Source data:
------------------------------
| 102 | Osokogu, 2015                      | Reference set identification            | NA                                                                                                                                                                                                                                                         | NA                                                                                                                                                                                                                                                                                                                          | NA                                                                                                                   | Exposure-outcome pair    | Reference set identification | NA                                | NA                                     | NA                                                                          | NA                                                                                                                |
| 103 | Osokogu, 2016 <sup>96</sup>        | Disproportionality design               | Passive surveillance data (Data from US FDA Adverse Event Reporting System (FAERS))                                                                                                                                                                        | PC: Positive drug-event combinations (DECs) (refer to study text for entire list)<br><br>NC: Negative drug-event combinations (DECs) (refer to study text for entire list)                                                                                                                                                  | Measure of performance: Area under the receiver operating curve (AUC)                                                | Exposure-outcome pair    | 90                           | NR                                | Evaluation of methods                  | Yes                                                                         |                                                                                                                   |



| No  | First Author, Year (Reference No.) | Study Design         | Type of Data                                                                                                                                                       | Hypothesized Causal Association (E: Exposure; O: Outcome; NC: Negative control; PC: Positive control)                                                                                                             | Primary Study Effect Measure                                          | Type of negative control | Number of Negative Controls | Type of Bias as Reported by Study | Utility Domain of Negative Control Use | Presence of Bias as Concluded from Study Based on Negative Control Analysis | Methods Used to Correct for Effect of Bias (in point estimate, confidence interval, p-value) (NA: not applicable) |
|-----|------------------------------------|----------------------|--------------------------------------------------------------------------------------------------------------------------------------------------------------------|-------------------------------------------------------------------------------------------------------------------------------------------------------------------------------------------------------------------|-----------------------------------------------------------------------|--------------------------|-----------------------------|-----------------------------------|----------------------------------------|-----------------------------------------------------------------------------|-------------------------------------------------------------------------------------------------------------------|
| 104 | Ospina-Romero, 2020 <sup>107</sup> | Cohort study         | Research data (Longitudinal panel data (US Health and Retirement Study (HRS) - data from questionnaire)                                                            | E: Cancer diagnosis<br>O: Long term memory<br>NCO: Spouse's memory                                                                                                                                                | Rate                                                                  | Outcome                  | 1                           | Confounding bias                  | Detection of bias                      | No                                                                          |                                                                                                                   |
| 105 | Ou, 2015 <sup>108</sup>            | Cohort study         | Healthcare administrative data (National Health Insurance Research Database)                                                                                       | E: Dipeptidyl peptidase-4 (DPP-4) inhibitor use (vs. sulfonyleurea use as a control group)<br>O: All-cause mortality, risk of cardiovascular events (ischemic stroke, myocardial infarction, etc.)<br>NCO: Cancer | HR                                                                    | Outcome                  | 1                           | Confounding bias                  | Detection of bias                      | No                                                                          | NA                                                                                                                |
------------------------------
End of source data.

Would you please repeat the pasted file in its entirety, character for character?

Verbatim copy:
| 102 | Osokogu, 2015                      | Reference set identification            | NA                                                                                                                                                                                                                                                         | NA                                                                                                                                                                                                                                                                                                                          | NA                                                                                                                   | Exposure-outcome pair    | Reference set identification | NA                                | NA                                     | NA                                                                          | NA                                                                                                                |
| 103 | Osokogu, 2016 <sup>96</sup>        | Disproportionality design               | Passive surveillance data (Data from US FDA Adverse Event Reporting System (FAERS))                                                                                                                                                                        | PC: Positive drug-event combinations (DECs) (refer to study text for entire list)<br><br>NC: Negative drug-event combinations (DECs) (refer to study text for entire list)                                                                                                                                                  | Measure of performance: Area under the receiver operating curve (AUC)                                                | Exposure-outcome pair    | 90                           | NR                                | Evaluation of methods                  | Yes                                                                         |                                                                                                                   |



| No  | First Author, Year (Reference No.) | Study Design         | Type of Data                                                                                                                                                       | Hypothesized Causal Association (E: Exposure; O: Outcome; NC: Negative control; PC: Positive control)                                                                                                             | Primary Study Effect Measure                                          | Type of negative control | Number of Negative Controls | Type of Bias as Reported by Study | Utility Domain of Negative Control Use | Presence of Bias as Concluded from Study Based on Negative Control Analysis | Methods Used to Correct for Effect of Bias (in point estimate, confidence interval, p-value) (NA: not applicable) |
|-----|------------------------------------|----------------------|--------------------------------------------------------------------------------------------------------------------------------------------------------------------|-------------------------------------------------------------------------------------------------------------------------------------------------------------------------------------------------------------------|-----------------------------------------------------------------------|--------------------------|-----------------------------|-----------------------------------|----------------------------------------|-----------------------------------------------------------------------------|-------------------------------------------------------------------------------------------------------------------|
| 104 | Ospina-Romero, 2020 <sup>107</sup> | Cohort study         | Research data (Longitudinal panel data (US Health and Retirement Study (HRS) - data from questionnaire)                                                            | E: Cancer diagnosis<br>O: Long term memory<br>NCO: Spouse's memory                                                                                                                                                | Rate                                                                  | Outcome                  | 1                           | Confounding bias                  | Detection of bias                      | No                                                                          |                                                                                                                   |
| 105 | Ou, 2015 <sup>108</sup>            | Cohort study         | Healthcare administrative data (National Health Insurance Research Database)                                                                                       | E: Dipeptidyl peptidase-4 (DPP-4) inhibitor use (vs. sulfonyleurea use as a control group)<br>O: All-cause mortality, risk of cardiovascular events (ischemic stroke, myocardial infarction, etc.)<br>NCO: Cancer | HR                                                                    | Outcome                  | 1                           | Confounding bias                  | Detection of bias                      | No                                                                          | NA                                                                                                                |